Whether baking or cooking, it seems like flour is used for just about everything. Actually flour is such a staple that when a food or recipe says “flourless”, it immediately draws attention. But just because flour, and in particular wheat based flour, is the default flour used in the majority of recipes doesn’t mean that gluten free goodness is out of reach. In fact, gluten free flours are more common now than they ever have been.
And some of them are better suited for certain recipes than even a wheat based flour.
If you’ve been curious about the different types of flours and not sure which one to try out, here is a list of some of the top gluten free flours and their defining characteristics.
The basics: Almond flour is made from blanched almonds and is a nutrient rich powerhouse. Just a ½ cup of it adds 12% of your daily calcium requirement. Almond flour is also high in vitamin E. It’s a great source for monounsaturated fats, which help to reduce cholesterol levels. Plus it’s high in protein and low in carbohydrates.
How to use it: Almond flour is very moist and wonderful in baked goods like cookies, sweet breads and biscotti.
The basics: Arrowroot flour is very low in calories. It’s a good source of fiber and has a bit of calcium. Not a whole lot of other pluses as far as nutritional value. Arrowroot flour is ground from the root of the arrowroot plant.
How to use it: It is very useful for thickening recipes. It is tasteless, and the fine powder becomes clear when it is cooked, which makes it ideal for thickening clear sauces. Arrowroot flour is more dry and so it performs beautifully in cakes and cookies.
Brown Rice Four
The basics: Brown rice flour is heavier than its relative, white rice flour. It is milled from unpolished brown rice so it has a higher nutritional value than white rice flour. It’s also high in fiber, protein, and also calories. There may also be a noticeable texture, a bit grainy.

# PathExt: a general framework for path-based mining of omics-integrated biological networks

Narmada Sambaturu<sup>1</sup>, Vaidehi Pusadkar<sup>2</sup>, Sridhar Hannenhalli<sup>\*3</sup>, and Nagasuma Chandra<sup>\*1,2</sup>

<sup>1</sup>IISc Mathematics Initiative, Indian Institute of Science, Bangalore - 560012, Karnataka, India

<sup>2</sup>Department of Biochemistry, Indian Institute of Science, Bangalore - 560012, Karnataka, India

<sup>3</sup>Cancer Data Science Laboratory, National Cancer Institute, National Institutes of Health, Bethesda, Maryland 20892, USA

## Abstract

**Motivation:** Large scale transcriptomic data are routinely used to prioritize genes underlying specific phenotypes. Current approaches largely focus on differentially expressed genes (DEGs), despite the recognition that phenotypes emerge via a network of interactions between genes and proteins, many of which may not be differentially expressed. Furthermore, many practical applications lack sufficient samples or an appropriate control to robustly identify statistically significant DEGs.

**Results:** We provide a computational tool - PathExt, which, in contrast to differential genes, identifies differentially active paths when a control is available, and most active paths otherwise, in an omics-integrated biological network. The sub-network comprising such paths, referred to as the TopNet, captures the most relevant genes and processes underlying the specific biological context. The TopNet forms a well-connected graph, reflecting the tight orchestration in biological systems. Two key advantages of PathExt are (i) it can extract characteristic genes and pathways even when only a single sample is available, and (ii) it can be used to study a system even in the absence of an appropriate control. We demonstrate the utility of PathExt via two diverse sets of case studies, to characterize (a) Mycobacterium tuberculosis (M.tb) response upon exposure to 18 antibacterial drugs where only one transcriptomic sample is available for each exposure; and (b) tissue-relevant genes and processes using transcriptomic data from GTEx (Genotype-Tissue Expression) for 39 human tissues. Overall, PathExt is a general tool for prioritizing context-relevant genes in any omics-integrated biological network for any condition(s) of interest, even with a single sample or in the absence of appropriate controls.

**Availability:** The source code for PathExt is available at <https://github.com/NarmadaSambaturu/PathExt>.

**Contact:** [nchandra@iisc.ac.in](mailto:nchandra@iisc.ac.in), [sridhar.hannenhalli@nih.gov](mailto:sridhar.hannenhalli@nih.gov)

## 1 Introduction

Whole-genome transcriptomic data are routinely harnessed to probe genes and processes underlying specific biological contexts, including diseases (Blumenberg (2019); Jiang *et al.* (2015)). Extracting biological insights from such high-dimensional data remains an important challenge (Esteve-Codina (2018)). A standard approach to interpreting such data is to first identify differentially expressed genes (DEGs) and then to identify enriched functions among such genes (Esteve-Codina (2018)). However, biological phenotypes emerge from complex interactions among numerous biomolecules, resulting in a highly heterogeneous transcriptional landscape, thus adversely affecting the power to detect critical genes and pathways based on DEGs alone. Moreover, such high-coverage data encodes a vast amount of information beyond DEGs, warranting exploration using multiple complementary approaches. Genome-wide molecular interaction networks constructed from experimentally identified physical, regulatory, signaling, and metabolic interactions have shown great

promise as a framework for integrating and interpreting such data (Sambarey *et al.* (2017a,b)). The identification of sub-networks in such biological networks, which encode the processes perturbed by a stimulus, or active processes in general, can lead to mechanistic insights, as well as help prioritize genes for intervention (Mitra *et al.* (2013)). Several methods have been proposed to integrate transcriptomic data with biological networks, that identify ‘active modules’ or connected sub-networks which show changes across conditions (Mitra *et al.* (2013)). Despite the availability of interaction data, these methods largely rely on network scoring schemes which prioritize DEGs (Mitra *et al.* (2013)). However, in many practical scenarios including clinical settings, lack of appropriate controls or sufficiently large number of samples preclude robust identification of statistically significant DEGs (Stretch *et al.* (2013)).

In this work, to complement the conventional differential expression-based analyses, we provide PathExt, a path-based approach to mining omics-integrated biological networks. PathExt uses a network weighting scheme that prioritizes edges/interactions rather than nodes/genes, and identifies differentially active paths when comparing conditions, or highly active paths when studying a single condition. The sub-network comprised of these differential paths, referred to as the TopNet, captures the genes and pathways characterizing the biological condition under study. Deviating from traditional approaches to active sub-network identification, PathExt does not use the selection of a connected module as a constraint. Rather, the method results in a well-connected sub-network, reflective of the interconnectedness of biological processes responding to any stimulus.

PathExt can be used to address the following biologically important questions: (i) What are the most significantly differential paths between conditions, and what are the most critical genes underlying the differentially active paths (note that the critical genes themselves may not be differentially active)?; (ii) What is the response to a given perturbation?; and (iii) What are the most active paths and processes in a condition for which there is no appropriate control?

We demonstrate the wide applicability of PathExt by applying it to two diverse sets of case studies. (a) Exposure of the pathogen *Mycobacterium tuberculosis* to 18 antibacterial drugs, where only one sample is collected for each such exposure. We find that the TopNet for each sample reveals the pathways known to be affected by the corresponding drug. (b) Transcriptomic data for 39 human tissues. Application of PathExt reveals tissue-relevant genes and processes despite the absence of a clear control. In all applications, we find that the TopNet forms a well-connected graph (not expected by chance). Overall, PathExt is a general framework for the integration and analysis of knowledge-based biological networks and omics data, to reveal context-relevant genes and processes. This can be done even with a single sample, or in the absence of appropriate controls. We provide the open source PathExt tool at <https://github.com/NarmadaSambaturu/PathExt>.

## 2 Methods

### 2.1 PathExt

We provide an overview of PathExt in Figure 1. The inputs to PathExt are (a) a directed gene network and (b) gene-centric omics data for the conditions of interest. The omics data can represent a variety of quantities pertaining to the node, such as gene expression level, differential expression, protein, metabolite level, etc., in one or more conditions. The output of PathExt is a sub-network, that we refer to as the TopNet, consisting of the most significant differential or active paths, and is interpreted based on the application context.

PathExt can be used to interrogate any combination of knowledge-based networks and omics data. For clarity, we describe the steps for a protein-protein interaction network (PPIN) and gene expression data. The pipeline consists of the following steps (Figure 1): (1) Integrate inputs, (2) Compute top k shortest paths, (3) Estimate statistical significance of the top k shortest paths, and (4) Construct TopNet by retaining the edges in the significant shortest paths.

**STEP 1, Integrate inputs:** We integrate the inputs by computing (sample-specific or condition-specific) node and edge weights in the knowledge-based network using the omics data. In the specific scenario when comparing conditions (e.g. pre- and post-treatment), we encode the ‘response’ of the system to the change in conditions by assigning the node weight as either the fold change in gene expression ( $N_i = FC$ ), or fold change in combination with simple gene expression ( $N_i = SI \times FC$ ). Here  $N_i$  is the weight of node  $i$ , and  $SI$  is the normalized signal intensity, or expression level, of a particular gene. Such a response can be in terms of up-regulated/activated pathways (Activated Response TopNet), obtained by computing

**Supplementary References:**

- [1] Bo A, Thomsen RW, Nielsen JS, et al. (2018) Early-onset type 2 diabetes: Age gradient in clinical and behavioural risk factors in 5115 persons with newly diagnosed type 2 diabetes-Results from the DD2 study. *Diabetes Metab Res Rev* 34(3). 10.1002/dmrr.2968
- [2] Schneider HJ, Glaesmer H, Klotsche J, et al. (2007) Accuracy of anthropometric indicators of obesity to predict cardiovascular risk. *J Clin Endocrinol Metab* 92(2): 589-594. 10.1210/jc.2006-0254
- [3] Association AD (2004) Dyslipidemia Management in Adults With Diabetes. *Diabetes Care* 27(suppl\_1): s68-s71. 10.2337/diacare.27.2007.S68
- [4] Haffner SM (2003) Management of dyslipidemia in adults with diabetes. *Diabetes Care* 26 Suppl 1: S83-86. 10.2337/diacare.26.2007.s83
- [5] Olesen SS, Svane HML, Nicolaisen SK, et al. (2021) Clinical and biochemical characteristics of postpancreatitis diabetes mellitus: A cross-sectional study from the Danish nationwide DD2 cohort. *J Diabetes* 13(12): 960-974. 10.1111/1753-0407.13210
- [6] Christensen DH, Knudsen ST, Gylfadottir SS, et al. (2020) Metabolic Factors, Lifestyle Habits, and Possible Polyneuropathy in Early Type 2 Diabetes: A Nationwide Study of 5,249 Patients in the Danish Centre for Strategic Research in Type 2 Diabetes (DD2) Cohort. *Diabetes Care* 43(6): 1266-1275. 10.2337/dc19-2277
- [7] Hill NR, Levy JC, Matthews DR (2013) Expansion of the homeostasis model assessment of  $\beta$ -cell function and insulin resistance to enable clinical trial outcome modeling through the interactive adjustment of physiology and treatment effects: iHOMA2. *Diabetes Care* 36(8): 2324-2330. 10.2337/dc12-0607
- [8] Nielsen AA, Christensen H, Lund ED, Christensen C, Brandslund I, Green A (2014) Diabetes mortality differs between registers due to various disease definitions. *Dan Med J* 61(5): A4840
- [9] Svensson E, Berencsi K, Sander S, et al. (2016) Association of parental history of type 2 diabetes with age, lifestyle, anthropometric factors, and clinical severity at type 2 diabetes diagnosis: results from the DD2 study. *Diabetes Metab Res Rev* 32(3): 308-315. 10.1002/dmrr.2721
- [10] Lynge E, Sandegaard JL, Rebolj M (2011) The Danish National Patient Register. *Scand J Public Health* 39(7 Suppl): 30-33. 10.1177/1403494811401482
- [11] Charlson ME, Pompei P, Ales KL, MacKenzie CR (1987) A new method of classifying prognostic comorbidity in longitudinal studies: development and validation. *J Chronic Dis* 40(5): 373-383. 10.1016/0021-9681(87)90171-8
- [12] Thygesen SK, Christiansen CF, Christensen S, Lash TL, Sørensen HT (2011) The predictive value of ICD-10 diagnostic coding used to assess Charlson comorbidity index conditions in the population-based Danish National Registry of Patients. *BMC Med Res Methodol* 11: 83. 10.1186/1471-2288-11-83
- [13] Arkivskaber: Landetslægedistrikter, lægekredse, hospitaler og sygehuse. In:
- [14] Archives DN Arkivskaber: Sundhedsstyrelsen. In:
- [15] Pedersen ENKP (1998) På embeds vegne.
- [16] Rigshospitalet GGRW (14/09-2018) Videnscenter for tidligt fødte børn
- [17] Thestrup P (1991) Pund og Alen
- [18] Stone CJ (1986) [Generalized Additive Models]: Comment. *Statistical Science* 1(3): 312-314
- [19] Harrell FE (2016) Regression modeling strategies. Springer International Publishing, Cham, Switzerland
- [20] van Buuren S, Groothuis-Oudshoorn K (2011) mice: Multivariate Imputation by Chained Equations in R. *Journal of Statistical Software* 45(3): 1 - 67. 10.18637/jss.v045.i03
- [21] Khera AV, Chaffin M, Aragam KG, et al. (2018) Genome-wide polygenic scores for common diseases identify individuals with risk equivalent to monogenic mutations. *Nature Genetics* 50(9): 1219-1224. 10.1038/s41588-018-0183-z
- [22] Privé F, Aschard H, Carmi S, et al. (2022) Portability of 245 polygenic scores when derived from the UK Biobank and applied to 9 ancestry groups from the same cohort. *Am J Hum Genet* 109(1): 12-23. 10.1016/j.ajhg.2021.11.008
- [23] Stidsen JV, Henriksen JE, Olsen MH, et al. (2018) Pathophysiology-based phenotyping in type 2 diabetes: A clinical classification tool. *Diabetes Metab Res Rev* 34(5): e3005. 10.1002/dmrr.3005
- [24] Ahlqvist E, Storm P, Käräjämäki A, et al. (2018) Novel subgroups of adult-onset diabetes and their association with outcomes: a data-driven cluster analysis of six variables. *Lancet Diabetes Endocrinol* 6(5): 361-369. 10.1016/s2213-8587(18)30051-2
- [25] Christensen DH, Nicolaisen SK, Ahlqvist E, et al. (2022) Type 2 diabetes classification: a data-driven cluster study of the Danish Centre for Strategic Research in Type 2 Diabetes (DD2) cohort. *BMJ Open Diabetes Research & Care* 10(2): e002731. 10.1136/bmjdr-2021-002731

How to use it: Brown rice flour does have a slight nutty taste, which will sometimes come out in recipes depending on the other ingredients. The texture will also contribute to a heavier product than recipes made with white rice flour. It is not often used completely on its own because of its heavier nature.
Store your brown rice flour in the refrigerator and if you are going to buy it in bulk, make sure to freeze it.
Hemp Seed Flour
The basics: Hemp seed flour is made from ground hemp seeds. It boasts twice as much protein (about 20 grams) in just ½ cup of flour. And there is three times more cholesterol-busting fiber than whole-wheat flour. Hemp seed flour contains all essential amino acids, making it a good source of protein for vegetarians. Compared to other flours, hempseed contains more alpha-linolenic acid, an omega-3 fatty acid that may reduce the risk of heart attack, according to a 2009 study published in the Journal of Oleo Science.
How to use it: Hemp flour has a mild, nutty flavor and tastes delicious in breads, muffins, cookies and pastries. Even pancakes and waffles are wonderful with hemp seed flour. One word of caution though – don’t use all hemp seed flour in your recipe – try replacing a little at a time in your gluten free baked goods.
The basics: Sorghum flour is one of the most commonly used flours in gluten free baking. It comes from ground sorghum grain, which is similar to millet. Sorghum flour is a great source of fiber and protein. It is about average on calories and also packs a nice punch of iron.
How to use it: Sorghum flour was traditionally used in cereals and pancakes. However, it is becoming more and more common to use it in a variety of baked goods and breads. The mild, almost bland flavor is very beneficial in making delicate breads and rolls. When recipes call for sorghum flour, it is almost a given that it will also contain more oil or fat as it has the tendency to be a dry flour.
Baking with gluten free flours
Gluten free flours are tasty, nutritious alternatives to baking with white or wheat flours. But because gluten free flours are missing gluten, they do not get the structure and texture that gluten gives breads and other baked goods. The solution to your gluten free baking endeavors is to experiment with these flours and with the binding agents to get that just right, perfectly textured bread.
Additionally, here are a couple flour combinations that you can use to start your gluten free baking:
Flour mix for quick breads – makes 3 cups
2 cups rice flour
2/3 cup potato starch
1/3 cup tapioca starch/flour
For use in light, tender breads, try this one out:
Makes 3 cups
1 cup rice flour
1 cup cornstarch
1 cup tapioca starch/flour
1 Tbsp. potato flour
Either of these recipes can be doubled or even tripled, just multiple the ingredients accordingly. And of course, feel free to substitute your favorite flour.